O.K., I admit it: I spend too much time reading what other people have to say online, usually in responses on comment threads. One lesson I’ve learned is that communication is not just what the transmitter thinks he or she means but what the receiver interprets them to say. With that in mind, here are 5 unhelpful expressions that – like the cowboy at the end of a Western – need to ride into the proverbial sunset:
1) “Let’s just love on our kids.” – In Disney’s “Angels in the Outfield,” one memorable line from radio announcer, Ranch Wilder, is: “Less is more.” When it comes to the sentimental saying, “Let’s just love on our kids” or some variation thereof, Ranch’s “less is more” dictum comes to mind. How about “Let’s just love our kids?” “Loving on” sounds creepy.
2) “It’s all good.” – Context is everything. Usually people are trying to re-assure the other person that something they think they’ve done wrong is not world-ending. But is “It’s all good” merely a polite “cut to the chase” reply, a way of signaling that I don’t have time for this conversation? And by the way, it’s not always all good. Optimist that I am, sometimes it’s just all bad.
3) “Love the sinner, hate the sin.” – Only reluctantly does this one make my list, since I’ve used it plenty. Though the phrase itself doesn’t appear in Scripture, the idea does, modeled by Jesus’ interaction with the woman caught in adultery (John 8:1-11). Yet what people often hear in this well-intended line is not love but condescension, not Christlikeness but “holier than thou-ness.” Comedian Mark Lowry had the best come-back:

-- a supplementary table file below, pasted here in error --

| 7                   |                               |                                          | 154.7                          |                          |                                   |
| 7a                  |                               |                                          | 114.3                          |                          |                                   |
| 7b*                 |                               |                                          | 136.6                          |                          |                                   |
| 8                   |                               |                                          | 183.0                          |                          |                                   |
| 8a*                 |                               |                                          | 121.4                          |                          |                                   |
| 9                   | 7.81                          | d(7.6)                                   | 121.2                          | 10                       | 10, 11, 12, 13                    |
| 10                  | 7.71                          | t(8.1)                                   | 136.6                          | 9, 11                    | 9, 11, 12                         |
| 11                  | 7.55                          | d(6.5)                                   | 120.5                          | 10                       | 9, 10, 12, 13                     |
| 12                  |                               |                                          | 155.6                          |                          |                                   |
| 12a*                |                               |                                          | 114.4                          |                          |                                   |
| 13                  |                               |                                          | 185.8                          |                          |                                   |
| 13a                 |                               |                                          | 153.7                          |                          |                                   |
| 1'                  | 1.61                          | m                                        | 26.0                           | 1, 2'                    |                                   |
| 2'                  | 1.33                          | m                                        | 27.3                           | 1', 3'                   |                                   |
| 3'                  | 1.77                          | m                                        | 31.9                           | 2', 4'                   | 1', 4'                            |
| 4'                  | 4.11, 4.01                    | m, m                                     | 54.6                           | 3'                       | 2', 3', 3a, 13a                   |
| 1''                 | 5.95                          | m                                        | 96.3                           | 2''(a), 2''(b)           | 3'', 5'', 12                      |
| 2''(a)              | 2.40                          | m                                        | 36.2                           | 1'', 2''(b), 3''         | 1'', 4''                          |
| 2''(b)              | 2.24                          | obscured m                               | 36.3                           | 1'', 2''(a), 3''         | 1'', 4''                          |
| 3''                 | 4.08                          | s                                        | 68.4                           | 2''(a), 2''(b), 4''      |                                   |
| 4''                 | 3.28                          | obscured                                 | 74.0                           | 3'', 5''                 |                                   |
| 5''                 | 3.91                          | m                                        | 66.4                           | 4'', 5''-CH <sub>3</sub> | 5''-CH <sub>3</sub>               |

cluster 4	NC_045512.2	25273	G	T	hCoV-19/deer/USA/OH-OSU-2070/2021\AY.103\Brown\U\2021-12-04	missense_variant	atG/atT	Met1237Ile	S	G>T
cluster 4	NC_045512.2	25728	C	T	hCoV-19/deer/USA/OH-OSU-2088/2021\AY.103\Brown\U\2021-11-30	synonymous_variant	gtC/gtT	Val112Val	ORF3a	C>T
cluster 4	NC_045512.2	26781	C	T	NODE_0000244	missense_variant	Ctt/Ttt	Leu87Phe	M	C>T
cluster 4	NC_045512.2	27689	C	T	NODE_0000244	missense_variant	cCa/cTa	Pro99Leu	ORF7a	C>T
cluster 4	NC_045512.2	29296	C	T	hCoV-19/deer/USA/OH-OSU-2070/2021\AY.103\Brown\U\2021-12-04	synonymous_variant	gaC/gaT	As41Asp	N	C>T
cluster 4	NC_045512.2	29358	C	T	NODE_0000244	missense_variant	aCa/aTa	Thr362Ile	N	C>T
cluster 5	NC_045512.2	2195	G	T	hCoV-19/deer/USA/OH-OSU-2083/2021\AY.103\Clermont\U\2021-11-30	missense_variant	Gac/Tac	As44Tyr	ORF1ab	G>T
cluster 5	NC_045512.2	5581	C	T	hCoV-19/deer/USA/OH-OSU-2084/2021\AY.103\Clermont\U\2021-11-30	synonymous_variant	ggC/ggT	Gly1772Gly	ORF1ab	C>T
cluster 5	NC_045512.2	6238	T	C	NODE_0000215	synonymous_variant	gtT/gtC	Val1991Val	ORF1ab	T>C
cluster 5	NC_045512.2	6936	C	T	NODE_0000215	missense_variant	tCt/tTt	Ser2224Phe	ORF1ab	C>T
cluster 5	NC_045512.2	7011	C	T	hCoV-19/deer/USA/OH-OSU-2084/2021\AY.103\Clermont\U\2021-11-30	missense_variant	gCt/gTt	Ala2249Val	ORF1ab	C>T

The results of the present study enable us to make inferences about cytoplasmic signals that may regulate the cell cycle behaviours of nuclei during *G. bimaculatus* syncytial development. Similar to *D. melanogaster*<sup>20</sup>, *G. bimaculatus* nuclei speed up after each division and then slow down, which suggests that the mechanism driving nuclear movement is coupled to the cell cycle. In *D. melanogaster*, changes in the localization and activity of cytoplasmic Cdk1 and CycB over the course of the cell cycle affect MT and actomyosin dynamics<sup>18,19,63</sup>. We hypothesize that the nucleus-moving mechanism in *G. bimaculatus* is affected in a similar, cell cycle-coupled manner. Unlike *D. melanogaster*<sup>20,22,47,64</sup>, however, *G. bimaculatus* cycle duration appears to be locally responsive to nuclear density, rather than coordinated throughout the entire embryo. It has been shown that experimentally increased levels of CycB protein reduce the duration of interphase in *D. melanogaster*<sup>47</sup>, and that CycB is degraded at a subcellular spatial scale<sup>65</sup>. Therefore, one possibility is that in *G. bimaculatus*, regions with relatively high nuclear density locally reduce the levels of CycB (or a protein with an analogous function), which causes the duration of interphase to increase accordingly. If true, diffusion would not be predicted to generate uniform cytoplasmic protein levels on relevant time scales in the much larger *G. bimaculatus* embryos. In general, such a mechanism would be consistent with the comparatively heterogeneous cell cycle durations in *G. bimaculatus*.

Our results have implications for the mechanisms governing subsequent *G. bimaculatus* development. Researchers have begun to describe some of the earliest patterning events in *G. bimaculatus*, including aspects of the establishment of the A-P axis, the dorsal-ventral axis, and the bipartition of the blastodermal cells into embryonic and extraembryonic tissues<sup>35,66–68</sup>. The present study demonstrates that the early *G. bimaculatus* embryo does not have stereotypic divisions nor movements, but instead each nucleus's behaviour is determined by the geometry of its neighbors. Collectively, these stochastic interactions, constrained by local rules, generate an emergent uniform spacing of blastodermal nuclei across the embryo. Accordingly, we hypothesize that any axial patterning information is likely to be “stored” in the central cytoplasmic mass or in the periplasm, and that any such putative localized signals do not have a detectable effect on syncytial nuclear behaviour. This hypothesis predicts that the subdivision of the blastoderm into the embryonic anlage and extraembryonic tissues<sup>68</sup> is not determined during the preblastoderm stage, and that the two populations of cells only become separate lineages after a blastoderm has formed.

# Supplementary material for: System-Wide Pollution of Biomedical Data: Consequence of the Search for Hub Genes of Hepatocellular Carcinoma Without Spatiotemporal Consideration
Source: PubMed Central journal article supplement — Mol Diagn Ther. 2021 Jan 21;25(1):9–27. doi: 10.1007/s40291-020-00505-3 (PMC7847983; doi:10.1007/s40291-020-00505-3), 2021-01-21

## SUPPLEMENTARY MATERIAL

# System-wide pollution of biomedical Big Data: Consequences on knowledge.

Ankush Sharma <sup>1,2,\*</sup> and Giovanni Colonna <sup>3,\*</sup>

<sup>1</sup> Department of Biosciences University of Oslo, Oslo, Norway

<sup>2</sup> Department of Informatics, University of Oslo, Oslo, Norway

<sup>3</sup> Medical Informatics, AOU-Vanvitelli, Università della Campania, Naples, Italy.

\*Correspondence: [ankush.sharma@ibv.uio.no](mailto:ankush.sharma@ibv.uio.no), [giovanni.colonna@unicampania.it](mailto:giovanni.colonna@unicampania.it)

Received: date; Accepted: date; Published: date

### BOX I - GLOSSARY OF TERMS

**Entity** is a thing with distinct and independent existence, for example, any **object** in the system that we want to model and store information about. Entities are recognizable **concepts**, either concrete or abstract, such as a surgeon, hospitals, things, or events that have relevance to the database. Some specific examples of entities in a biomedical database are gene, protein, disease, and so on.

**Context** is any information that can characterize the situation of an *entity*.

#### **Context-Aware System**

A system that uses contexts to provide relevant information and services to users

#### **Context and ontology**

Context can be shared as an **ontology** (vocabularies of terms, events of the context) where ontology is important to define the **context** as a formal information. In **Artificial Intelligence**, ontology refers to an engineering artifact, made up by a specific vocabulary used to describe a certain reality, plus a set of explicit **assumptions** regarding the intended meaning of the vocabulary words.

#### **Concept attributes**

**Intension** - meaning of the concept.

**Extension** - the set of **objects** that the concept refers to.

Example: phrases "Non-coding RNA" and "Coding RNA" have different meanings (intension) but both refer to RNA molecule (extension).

“Love the sinner, hate the sin? How about: Love the sinner, hate your own sin! I don’t have time to hate your sin. There are too many of you! Hating my sin is a full-time job. How about you hate your sin, I’ll hate my sin and let’s just love each other!”
4) “Dude” – You know the schtick: “Hey dude, what’s up?” Can we just drive a stake through the heart of this monster? It’s a perfect example of the American (yes, I’m American) tendency to take a bulldozer to all social distinctions, to drag down to our level persons of dignity who merit respect. This faux egalitarianism comes across as juvenile and in many places in the world is about as welcome as a horsefly at a picnic. Call me old-fashioned, but I’d put a “sir” in place of every “dude” and I’d devise a way to say “vous” in English. (See your old high school French 1 notebook for more information).
5) “If it be your will” – Should an attorney want to devise an escape clause in our prayers to God, this would be it! Yet didn’t Jesus pray: “Not my will, but yours be done” (Luke 22:42)? He did, but the context was Gethsemane. It was a prayer of submission to God’s will, Christ signaling his willingness to go along with God’s plan. Note that it’s a prayer he prayed for himself, not for another. It’s a different animal altogether when we intercede for someone else, for a person who is suffering. But how often do we pray in the presence of sick individuals: “Lord, if it be your will, heal Jane of her cancer.” Don’t send that kind of wishy-washy, escape clause prayer to God on my behalf. When I’m too weak to do it myself, storm the gates of heaven for me! Grab the throne of grace with a firm grip, and plead my cause (Hebrews 4:16). Pray a prayer that lets faith rise within me, don’t anoint me for burial with a half-hearted “If it be your will.”
There’s my list. Now it’s your turn. To what unhelpful sayings would you bid farewell?
Cowboy – Sound Cloud
Mark Lowry – The Grand Macon